This doctor won’t prescribe Addyi, the “female Viagra.” Here’s why.

Addyi (flibanserin), the drug to increase female libido had a timid entry into the market with very few prescriptions considering the “hype.” Bloomberg Business reported 227 prescriptions in the first month. That’s a pittance considering Valeant paid $1 billion for the drug.

I am unlikely to help Valeant recoup their investment, because the more I read about this drug, the worse it looks. Here’s why:

It barely works

One of the study endpoints (meaning what you hope the drug will do) is increasing the feeling of desire. How Sprout measured desire is very controversial, but regardless even with their special scale that makes it practically pathologic to not feel desirous every waking hour only 10 to 13 percent of women (adjusted for placebo) had a significant increase in desire. So for every 7 to 10 women who take the drug, one will have a bump in desire (a measured by a scale designed for this drug). What about having more sex, the other endpoint in the studies? Only 8 to 9 percent of women has an increase in “sexually satisfying events” when you account for placebo.

Side effects. Lots of them.

21 percent of women taking the drug had significant side effects versus 8 percent for placebo. That means the placebo-adjusted rated of side effects is 13 percent. The placebo adjusted rate of having more satisfying sex is 8 to 9 percent, so a woman is more likely to have a side effect than she is to have more sex. In my mind, this should exclude a drug from being approved. As the placebo-adjusted “desire” increase is 10 to 13 percent at best Addyi will make women sick and slightly more horny in equal numbers.

No alcohol. Ever. At all.

I’ve written how the alcohol interaction was studied primarily in men. The alcohol safety data includes 21 men and two women. Sprout claims they couldn’t find more than two women willing to have the equivalent of two 5 ounce glasses of wine so they could properly study the drug’s effect. Makes you wonder if they didn’t want to know? When flibanserin was taken on the same day as the equivalent of 2 glasses of wine 4 of 23 people needed medical attention because their had such a profound drop in blood pressure or fainted. That is a very serious risk, and as women metabolize alcohol differently there is a greater concern for women. This is a daily medication so no alcohol. Ever.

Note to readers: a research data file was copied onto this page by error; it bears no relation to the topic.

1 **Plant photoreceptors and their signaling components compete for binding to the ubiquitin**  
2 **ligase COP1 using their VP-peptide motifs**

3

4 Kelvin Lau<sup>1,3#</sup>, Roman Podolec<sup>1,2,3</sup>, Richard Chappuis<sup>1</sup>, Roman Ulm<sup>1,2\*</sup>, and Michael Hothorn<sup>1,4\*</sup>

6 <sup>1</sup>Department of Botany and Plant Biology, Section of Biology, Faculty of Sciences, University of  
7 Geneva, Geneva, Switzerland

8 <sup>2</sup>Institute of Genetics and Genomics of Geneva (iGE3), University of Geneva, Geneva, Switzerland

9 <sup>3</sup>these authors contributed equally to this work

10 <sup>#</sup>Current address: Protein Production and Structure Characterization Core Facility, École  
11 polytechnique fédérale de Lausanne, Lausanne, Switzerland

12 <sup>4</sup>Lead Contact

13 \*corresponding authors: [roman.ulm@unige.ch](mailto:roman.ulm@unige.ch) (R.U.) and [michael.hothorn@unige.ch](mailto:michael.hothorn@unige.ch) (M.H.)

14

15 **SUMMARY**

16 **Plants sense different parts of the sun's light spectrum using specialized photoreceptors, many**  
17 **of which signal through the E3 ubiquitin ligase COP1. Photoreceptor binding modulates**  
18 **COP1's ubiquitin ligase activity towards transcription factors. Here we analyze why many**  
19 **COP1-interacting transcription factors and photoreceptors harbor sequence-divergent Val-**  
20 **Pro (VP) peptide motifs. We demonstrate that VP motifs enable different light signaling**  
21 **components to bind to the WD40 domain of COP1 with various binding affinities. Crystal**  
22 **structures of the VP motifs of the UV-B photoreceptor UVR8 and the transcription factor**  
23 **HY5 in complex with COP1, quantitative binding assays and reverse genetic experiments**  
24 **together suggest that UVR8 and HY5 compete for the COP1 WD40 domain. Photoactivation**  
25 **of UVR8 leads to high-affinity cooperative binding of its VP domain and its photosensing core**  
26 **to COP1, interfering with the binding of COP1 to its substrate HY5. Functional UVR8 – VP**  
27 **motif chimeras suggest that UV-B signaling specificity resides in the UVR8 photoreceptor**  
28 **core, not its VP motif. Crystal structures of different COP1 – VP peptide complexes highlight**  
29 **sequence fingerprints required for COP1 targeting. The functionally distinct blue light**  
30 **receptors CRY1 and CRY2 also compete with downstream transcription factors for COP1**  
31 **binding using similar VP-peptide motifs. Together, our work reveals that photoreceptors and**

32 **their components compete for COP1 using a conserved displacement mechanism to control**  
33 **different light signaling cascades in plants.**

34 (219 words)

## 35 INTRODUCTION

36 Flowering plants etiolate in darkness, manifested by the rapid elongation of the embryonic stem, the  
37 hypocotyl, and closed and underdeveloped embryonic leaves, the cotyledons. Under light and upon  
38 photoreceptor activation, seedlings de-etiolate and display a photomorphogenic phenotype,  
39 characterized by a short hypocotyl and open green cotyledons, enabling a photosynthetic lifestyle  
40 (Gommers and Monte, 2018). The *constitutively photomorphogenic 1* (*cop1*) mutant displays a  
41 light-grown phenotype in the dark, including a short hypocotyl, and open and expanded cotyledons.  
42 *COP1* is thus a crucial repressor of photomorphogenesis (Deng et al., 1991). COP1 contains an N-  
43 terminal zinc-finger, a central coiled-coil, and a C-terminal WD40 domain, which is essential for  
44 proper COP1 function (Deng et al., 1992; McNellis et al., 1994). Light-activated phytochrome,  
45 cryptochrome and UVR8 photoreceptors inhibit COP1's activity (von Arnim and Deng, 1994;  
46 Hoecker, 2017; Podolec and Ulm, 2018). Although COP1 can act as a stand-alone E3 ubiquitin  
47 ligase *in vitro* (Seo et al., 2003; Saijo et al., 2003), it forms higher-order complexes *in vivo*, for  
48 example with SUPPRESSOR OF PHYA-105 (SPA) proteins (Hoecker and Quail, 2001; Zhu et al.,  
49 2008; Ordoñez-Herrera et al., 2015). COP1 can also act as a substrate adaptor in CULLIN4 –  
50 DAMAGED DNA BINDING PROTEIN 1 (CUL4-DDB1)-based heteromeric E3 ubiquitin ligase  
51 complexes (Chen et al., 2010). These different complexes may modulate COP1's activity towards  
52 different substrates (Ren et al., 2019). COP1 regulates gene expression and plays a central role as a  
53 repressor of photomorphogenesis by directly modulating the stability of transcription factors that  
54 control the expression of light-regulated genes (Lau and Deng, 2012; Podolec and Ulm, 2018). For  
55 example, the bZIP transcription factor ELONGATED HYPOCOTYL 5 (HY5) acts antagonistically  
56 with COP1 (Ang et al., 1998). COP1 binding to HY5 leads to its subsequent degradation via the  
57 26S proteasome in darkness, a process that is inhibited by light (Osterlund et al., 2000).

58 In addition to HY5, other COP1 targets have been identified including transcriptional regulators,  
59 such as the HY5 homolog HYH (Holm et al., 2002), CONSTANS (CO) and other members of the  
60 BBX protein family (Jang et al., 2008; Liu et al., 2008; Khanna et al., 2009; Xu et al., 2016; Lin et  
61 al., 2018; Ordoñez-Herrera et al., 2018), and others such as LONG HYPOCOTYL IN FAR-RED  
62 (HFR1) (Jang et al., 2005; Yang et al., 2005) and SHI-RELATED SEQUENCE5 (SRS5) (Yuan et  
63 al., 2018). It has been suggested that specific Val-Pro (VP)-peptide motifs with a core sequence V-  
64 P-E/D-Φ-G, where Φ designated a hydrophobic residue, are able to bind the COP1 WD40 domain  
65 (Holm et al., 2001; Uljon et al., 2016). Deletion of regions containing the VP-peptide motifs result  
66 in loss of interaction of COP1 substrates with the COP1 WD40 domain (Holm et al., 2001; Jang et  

The burden of making sure the patient doesn’t drink alcohol is on me

The REMS (the joke of a power point presentation that Sprout calls safety training) can be summarized as making sure the patient will never drink alcohol is your responsibility doctor, have fun with that in court! There is no way to guarantee someone won’t drink even if they do sign a form. I’ve been practicing medicine long enough to know patients say many things and often do the opposite. Sometimes they don’t really want to accept what you tell them, sometimes they don’t believe you, and sometimes life happens and they forget.

Drug interactions. Serious one. With two medications commonly prescribed for women.

A woman taking Addyi can never have a Diflucan (fluconazole, the oral medication for a yeast infection). At all. Ever. The interaction is so potent and potentially dangerous that you can not take a Diflucan within two days of starting the drug and within two weeks of finishing it (the Addyi has to be well out of your system). Oral contraceptives also may increase the risk of low blood pressure and fainting. Antidepressants may also increase the risk of side effects.

Animal study raises concern about a breast cancer risk

In a two year study of rodents, there was an increase in cancerous mammary (breast) tumors in female animals but not male. This doesn’t mean that it will cause cancer in women, but it means that we need more studies. Some drugs cause cancer in one mammal, but not in others. That doesn’t mean the drug is abandoned, but in my mind, it means the drug needs more study before it is unleashed as part of a campaign aimed at telling women they are being taken advantage of by the FDA when the drug didn’t previously get approved.

Cost

It’s $780 for a one months supply for a medication that one can only say has marginal efficacy if one is being generous.

Knowing all that I think it’s pretty easy to see why I’m not enthusiastic about the drug. Marginal, if any effect, Side effects. Drug Interactions. No alcohol. Unresolved question about cancer. It’s $780 a month.

If your doctor is excessively enthusiastic about Addyi and calls it “safe and effective” I would ask if they have received any money from Sprout, because it seems several of those who are openly vocal about its awesomeness have.

Meanwhile I wonder considering it takes 2 months to know if Addyi will work if people spent $1,620 on a weekend away with their partner every other month or half the money on babysitters and half on fabulous dinners or would there be two extra sexual encounters in those two months while retaining the ability to have a glass of wine?

Jennifer Gunter is an obstetrician-gynecologist and author of the Preemie Primer. She blogs at her self-titled site, Dr. Jen Gunter.

Image credit: Shutterstock.com

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